EDF hopeful of extending duration of its reactors

Monday, December 8, 2008

EDF is hoping to secure a multi-billion euro windfall by extending the lifecycle of its nuclear power stations. This could prove crucial to maintaining its top grade credit rating as it invests billlions in acquisitions and plant renewal.

The energy group this week set out in detail the costs and expected gains from the planned investment in its 58 nuclear power stations that could enable it to run reactors for up to 60 years, against the current lifecycle of 40 years.

It estimates that for an investment of roughly €400m ($507m) per reactor, it can add value of €1.2bn by deferring the €4bn cost of building a new plant and maintaining the reactor's cashflow. But the biggest potential windfalls could come from the writeback of provisions on decommissioning.

In 2003, the group recorded a timely €3bn gain, following a costly acquisition spree, by extending the duration of its reactors by 10 years.

"Each time we can push back the construction of a new reactor there is a colossal financial positive for the company," said a senior EDF executive. He insisted, however, that the extensions had not been factored into the group's financial forecasts and that it would be able to maintain its AA-minus credit rating despite hefty obligations over the next decade. Nonetheless, analysts said that the extra financial cushion could be crucial, especially amid fears that the French government could cut regulated tariffs in a bid to boost consumer spending.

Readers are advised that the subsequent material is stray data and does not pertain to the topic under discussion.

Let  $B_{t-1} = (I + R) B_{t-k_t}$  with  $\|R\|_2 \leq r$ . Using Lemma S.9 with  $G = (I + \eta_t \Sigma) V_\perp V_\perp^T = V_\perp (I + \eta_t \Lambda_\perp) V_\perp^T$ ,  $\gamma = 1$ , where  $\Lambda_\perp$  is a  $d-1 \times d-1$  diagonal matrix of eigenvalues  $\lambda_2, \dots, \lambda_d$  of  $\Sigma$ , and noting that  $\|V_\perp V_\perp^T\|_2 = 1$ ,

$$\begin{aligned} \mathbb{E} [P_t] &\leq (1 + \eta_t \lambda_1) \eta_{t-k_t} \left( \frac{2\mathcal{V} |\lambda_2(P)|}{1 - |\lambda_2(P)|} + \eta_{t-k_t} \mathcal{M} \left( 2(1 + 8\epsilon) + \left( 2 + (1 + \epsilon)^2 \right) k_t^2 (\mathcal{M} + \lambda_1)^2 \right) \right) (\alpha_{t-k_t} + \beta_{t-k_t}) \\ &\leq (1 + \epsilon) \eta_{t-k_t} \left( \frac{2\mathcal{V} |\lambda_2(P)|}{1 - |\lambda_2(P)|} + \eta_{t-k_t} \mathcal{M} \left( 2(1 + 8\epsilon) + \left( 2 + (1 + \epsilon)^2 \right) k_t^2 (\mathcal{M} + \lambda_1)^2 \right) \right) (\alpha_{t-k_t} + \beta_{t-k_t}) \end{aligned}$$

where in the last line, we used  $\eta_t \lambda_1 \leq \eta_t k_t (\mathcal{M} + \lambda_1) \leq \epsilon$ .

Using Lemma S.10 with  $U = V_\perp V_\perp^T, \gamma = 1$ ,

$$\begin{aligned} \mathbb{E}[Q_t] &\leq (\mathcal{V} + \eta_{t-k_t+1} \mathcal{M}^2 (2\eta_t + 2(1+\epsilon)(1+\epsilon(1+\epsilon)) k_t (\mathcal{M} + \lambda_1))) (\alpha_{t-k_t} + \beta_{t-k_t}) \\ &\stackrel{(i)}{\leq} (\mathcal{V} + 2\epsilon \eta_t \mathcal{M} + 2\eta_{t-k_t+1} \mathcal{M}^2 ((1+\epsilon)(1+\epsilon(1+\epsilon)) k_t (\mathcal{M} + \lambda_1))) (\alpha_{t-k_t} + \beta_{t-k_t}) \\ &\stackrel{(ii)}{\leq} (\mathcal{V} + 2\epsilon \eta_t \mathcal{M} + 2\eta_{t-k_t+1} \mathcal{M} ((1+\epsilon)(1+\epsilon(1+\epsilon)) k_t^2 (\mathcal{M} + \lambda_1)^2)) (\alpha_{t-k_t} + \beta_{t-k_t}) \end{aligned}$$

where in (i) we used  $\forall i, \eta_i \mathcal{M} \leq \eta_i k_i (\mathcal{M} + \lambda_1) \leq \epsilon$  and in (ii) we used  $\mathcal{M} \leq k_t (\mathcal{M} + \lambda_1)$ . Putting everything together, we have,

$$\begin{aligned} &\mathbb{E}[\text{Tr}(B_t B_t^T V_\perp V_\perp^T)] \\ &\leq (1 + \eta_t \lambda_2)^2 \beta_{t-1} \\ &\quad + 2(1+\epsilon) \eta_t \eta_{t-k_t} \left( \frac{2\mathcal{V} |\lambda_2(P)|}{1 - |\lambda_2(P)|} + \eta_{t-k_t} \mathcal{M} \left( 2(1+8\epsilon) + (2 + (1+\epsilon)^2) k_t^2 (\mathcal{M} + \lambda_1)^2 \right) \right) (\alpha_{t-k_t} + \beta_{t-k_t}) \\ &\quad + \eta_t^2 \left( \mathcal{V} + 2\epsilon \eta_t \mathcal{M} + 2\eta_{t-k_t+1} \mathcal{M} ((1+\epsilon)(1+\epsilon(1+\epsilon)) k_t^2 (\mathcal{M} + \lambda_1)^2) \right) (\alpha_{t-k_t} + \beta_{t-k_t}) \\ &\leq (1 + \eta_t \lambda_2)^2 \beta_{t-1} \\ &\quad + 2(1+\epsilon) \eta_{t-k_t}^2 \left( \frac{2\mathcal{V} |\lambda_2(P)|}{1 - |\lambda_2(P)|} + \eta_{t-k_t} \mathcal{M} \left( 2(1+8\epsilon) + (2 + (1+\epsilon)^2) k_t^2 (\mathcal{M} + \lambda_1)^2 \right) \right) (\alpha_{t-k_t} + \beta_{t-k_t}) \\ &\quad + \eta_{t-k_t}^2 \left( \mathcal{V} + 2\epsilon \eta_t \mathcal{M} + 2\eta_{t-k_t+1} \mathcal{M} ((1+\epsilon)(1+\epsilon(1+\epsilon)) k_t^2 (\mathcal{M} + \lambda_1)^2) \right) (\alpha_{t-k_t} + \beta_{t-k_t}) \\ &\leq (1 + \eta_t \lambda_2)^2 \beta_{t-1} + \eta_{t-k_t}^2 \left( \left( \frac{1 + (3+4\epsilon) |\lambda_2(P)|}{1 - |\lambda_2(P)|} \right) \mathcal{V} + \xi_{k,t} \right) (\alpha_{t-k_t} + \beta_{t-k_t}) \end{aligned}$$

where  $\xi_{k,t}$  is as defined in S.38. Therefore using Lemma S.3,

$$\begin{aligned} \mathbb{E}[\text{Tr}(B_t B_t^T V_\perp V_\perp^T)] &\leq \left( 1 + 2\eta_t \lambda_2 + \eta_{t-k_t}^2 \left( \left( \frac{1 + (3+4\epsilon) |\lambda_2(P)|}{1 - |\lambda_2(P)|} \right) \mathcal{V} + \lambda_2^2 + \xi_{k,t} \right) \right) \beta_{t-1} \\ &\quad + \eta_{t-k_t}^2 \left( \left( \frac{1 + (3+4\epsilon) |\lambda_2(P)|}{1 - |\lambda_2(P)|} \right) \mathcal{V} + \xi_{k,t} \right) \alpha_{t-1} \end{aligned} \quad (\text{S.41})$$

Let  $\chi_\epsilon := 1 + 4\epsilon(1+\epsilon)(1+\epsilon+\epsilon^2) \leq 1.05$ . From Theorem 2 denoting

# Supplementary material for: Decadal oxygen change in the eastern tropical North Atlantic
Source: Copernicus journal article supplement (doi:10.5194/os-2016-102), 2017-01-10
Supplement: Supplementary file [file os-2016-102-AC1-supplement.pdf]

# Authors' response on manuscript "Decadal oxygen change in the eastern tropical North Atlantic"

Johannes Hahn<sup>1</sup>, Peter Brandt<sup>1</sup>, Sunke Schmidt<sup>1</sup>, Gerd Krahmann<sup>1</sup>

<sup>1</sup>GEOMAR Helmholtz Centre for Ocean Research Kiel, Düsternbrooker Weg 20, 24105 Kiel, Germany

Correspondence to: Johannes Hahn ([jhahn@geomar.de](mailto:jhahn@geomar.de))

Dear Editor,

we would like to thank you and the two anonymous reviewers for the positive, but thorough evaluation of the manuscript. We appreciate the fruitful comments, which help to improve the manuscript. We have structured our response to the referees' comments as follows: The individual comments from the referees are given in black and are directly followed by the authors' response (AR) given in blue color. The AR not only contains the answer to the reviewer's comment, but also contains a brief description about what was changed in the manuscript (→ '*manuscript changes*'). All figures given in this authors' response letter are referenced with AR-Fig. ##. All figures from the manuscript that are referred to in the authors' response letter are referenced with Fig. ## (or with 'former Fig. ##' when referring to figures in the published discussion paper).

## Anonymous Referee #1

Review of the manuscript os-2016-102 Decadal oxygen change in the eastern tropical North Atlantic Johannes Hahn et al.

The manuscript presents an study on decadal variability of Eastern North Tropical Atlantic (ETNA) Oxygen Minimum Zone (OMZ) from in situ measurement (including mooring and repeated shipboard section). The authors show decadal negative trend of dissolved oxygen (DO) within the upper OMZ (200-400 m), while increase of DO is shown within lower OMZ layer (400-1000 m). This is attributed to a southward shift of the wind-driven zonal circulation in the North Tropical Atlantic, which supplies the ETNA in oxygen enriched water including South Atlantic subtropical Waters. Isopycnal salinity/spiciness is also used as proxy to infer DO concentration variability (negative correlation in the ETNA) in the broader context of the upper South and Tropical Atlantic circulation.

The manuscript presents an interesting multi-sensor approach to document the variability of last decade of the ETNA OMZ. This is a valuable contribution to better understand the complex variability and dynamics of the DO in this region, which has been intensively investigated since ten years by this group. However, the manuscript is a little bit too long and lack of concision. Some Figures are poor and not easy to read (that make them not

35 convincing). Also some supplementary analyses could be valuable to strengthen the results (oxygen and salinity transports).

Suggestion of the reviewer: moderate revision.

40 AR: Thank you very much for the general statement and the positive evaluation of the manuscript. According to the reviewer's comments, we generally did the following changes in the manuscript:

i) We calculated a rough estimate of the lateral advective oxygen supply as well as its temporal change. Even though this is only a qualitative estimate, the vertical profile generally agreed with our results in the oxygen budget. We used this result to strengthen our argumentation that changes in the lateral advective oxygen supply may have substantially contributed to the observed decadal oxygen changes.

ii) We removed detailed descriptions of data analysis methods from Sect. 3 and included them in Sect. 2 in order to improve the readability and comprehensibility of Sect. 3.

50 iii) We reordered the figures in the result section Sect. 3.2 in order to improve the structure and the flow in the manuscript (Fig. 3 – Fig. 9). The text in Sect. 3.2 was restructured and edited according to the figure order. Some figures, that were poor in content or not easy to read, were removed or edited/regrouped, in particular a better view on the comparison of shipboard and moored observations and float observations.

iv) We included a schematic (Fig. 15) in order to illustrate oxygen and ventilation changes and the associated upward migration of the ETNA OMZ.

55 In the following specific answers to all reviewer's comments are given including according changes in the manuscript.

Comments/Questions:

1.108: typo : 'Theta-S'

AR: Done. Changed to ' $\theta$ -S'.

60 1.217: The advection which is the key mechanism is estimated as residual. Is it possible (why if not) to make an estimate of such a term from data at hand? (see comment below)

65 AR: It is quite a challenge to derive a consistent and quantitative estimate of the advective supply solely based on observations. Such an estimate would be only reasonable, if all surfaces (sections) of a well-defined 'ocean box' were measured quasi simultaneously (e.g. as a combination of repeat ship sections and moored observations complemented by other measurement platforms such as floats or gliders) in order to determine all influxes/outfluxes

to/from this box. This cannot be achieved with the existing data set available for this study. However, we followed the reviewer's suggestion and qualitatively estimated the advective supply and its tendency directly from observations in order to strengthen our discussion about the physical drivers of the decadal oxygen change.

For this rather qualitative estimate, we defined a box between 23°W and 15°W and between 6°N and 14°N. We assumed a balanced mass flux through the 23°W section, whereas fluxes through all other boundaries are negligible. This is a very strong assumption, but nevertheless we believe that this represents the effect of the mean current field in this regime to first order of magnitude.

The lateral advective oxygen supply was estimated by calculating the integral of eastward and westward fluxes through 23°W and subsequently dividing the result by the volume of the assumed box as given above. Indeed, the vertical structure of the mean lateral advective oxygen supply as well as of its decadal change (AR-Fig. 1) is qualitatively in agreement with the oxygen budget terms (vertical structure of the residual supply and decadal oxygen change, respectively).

A life extension would "have a real impact on net income", said Patrice Lambert de Diesbach of CIC Securities.

Per Lekander of UBS estimates EDF could gain as much as €8bn from life extensions this time round, a useful windfall as it shells out €14bn for British Energy, offers $4.5bn for nuclear assets in the US and plans an international investment programme of €36bn to 2010.

"The difference between EDF not having to renew its fleet and having to do so is at least €3bn in cashflow a year," said Mr Lekander. "What happens in France is critical."

Mr Lekander believes EDF is likely to win extensions on most reactors, with the practice already common in the US and elsewhere. Eighteen reactors reach the end of their lifecycles between 2015 and 2020.

But the first tests - due next year - may not be easy. EDF will apply for an extension at Tricastin, where it has been reprimanded several times by the safety watchdog for operational and maintenance lapses. Failure at the first hurdle risks provoking a sharp disappointment in the market.

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